All parents want their child to be a super star in the classroom. Unfortunately many young students encounter learning challenges that prevent them from exceling as fast as their peers.
It can be difficult to watch your child struggle while learning to read or uncovering the basics of math. Accepting that your child may have a learning disability is not easy but it is the first step to overcoming it. Educational professionals can help identify the various types of disabilities and recommend appropriate methods for parents to use to help their child study.
According to the National Institute of Neurological Disorders and Stroke, most parents are not aware their child has a learning disability until they begin school. If a disability is detected, know that your child is not alone. Statistics show that 8 to 10 percent of American children suffer from a learning disability.
Signs that your child may be displaying symptoms of a learning disability include having difficulty pronouncing words that other children in preschool can easily say. If your child talks slow or is slow at conducting relatively easy tasks such as tying shoes – these could be indicators as well.
Sometimes the disability is not uncovered until elementary school. Trouble with spelling words or reading comprehension or following sequences or basic addition may be caused by a learning disability.
Many disabilities can be managed with trained educational professionals and the support from parents. While the teacher plays an important role in overcoming a learning disability, a parent’s role is absolutely critical. If you feel frustrated that your child has a learning disability, imagine how hard it must be for him or her.
Children are painfully aware if they are lagging behind their peers. This has a dramatic impact on their self-esteem. Parents should always provide encouragement and protect their child from any bulling or teasing from fellow classmates or siblings.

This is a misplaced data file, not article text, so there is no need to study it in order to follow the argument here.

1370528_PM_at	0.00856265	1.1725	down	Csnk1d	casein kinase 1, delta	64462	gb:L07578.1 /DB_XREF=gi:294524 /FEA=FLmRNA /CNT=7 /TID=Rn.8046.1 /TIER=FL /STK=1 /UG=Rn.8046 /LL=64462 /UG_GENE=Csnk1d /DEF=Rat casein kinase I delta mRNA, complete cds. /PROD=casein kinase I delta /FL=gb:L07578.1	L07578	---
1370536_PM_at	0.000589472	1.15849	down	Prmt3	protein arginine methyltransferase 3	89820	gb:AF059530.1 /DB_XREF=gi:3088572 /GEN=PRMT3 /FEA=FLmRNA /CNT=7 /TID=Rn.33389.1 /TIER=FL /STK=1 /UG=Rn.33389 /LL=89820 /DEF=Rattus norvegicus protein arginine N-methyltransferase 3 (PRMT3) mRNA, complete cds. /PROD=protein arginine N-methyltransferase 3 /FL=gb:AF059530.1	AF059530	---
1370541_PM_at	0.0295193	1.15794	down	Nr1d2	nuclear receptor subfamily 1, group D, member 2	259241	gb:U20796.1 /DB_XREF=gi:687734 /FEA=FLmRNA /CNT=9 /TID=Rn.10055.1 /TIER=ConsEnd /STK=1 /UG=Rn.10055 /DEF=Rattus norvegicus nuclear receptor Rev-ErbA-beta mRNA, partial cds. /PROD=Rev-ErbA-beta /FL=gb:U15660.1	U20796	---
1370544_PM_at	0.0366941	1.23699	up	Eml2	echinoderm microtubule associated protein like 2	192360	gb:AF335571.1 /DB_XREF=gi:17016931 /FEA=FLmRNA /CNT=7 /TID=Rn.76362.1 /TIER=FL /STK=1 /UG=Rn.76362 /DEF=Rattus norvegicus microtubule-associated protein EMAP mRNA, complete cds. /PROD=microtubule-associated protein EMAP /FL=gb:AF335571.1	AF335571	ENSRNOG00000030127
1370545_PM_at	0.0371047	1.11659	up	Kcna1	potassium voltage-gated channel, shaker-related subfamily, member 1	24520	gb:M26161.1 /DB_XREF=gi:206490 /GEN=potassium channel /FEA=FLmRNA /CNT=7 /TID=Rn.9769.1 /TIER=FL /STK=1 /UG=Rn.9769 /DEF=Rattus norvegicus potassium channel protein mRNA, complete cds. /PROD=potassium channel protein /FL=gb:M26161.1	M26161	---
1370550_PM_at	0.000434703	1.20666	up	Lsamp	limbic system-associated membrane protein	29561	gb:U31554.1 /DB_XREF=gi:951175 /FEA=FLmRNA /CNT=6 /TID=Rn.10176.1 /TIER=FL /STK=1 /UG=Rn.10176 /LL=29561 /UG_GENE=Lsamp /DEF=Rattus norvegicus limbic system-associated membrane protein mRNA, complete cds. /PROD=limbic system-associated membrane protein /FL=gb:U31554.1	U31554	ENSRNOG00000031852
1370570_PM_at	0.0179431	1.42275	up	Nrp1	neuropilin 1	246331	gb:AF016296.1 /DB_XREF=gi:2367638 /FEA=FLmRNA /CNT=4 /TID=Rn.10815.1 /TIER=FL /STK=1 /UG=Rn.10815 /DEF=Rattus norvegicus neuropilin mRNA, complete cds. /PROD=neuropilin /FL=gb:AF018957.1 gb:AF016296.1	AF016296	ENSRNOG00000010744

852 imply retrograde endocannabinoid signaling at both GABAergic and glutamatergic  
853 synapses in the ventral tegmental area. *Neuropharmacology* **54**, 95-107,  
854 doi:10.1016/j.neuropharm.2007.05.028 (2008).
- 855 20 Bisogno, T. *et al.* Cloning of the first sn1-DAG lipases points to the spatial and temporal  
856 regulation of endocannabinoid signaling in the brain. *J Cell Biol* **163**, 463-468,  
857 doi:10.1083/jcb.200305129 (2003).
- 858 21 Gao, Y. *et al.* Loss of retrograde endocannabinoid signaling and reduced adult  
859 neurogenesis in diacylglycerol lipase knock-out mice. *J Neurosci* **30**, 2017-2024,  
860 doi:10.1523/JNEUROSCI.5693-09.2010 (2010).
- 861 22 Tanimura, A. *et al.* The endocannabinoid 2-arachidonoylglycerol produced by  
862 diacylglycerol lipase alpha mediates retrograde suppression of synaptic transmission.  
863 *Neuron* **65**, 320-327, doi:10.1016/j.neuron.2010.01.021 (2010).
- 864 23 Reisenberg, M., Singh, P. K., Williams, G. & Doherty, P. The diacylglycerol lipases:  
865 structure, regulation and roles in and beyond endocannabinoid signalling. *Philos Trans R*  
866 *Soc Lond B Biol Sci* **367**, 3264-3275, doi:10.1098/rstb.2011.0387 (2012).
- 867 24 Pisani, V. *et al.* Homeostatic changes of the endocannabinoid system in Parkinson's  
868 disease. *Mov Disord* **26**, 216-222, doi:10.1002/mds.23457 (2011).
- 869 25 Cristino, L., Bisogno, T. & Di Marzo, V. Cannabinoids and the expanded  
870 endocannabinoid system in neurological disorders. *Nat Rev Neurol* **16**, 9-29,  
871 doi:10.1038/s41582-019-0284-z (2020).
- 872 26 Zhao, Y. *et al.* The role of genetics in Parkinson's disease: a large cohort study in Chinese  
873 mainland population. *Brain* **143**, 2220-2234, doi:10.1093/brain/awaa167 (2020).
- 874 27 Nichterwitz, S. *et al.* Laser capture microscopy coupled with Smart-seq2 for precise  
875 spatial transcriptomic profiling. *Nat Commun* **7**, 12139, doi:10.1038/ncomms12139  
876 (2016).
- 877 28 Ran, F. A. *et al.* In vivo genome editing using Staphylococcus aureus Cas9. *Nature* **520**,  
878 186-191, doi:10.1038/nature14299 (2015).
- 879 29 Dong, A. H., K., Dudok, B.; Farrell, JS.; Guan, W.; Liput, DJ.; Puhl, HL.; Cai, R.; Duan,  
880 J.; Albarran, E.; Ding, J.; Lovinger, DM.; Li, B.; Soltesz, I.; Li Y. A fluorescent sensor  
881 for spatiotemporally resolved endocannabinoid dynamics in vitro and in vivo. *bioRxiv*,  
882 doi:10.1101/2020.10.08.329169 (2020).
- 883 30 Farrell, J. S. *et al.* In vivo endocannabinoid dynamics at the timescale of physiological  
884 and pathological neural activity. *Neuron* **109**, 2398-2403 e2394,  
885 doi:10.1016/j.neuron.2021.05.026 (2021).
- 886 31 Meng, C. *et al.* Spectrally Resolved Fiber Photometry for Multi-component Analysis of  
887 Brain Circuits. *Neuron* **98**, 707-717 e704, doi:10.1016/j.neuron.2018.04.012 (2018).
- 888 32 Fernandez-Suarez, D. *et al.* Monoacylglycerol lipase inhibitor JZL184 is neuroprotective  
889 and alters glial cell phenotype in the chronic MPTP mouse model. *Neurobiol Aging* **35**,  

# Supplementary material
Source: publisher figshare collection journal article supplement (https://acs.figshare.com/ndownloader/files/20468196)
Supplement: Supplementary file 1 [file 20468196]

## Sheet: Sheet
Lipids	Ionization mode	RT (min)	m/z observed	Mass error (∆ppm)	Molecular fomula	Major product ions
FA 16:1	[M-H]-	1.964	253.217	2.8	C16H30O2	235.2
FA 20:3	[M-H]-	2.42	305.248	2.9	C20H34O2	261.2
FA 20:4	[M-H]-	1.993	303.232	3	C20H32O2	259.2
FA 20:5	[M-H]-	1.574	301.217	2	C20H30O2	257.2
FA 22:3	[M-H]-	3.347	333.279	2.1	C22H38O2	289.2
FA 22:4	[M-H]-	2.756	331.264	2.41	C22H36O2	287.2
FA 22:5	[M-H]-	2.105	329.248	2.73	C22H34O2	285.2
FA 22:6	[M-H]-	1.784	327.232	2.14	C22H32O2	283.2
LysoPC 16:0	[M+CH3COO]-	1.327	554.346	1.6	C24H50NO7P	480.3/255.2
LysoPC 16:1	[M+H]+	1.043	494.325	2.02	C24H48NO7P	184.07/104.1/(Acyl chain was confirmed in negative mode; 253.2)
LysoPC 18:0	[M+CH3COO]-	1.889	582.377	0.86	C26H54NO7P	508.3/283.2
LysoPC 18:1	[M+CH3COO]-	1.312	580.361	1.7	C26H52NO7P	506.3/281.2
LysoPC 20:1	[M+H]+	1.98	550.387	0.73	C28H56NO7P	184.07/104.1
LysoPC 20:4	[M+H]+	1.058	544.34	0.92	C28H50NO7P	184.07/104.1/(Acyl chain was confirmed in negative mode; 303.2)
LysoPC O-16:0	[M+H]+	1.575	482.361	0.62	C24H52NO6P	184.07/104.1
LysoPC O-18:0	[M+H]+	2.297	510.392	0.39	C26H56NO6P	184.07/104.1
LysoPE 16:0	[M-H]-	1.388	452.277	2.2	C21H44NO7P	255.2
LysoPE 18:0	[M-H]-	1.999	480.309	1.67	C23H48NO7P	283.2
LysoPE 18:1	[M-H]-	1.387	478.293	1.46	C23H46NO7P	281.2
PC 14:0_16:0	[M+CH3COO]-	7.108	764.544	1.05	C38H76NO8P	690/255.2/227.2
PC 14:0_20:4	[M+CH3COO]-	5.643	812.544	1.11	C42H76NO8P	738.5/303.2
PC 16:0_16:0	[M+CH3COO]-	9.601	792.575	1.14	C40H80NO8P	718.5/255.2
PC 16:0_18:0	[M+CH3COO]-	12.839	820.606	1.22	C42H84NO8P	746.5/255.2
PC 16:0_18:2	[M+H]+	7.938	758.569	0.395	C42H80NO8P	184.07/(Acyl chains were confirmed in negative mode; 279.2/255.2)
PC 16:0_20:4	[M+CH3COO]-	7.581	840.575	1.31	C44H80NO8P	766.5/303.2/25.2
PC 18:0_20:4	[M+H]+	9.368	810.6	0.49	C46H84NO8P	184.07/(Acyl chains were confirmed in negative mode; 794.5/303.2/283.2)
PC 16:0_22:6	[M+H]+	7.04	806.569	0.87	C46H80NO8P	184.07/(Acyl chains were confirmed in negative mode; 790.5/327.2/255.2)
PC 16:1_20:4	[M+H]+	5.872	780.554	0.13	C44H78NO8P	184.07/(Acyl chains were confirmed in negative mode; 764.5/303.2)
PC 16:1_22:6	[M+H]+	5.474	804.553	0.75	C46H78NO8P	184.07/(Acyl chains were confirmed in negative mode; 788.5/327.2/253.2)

A good piece of advice is to identify the strengths your child has outside of the classroom and to make him or her feel good about those. If your child has a hard time reading but can throw a baseball further than anyone else on the playground, make sure you sing praises for that.
Parents should also make an effort to learn everything they can about their child’s specific learning disability. A common learning disability for reading is dyslexia, a condition that occurs when someone struggles to understand the difference between sounds, letters and words. Dysgraphia, on the other hand, is a common disorder that challenges people while writing expressively.
Dyscalculia is a learning disability that interferes with a child’s ability to memorize and organize numbers. This condition makes math classes incredibly irritating. Fortunately, with a good teacher and parental support, disorders like dyscalculia, dyslexia and dysgraphia can be overcome.
The bad news is, as educational budgets continue to shrink, good teachers often get bogged down with more students than they can handle. Providing individual attention to a student with a learning disability sometimes just is not feasible for most teachers. Most schools provide specialists for students with learning disabilities but even these professionals have their hands full with various students of all ages dealing with a range of learning disabilities.
Finding help outside of school can get expensive. If you are concerned that your child is not getting the support he or she needs from school, ask the teacher what types of exercises and practices you can do at home to hone in on the problem. With individual attention, love and support, your child will have a healthy, academic life despite any learning disability.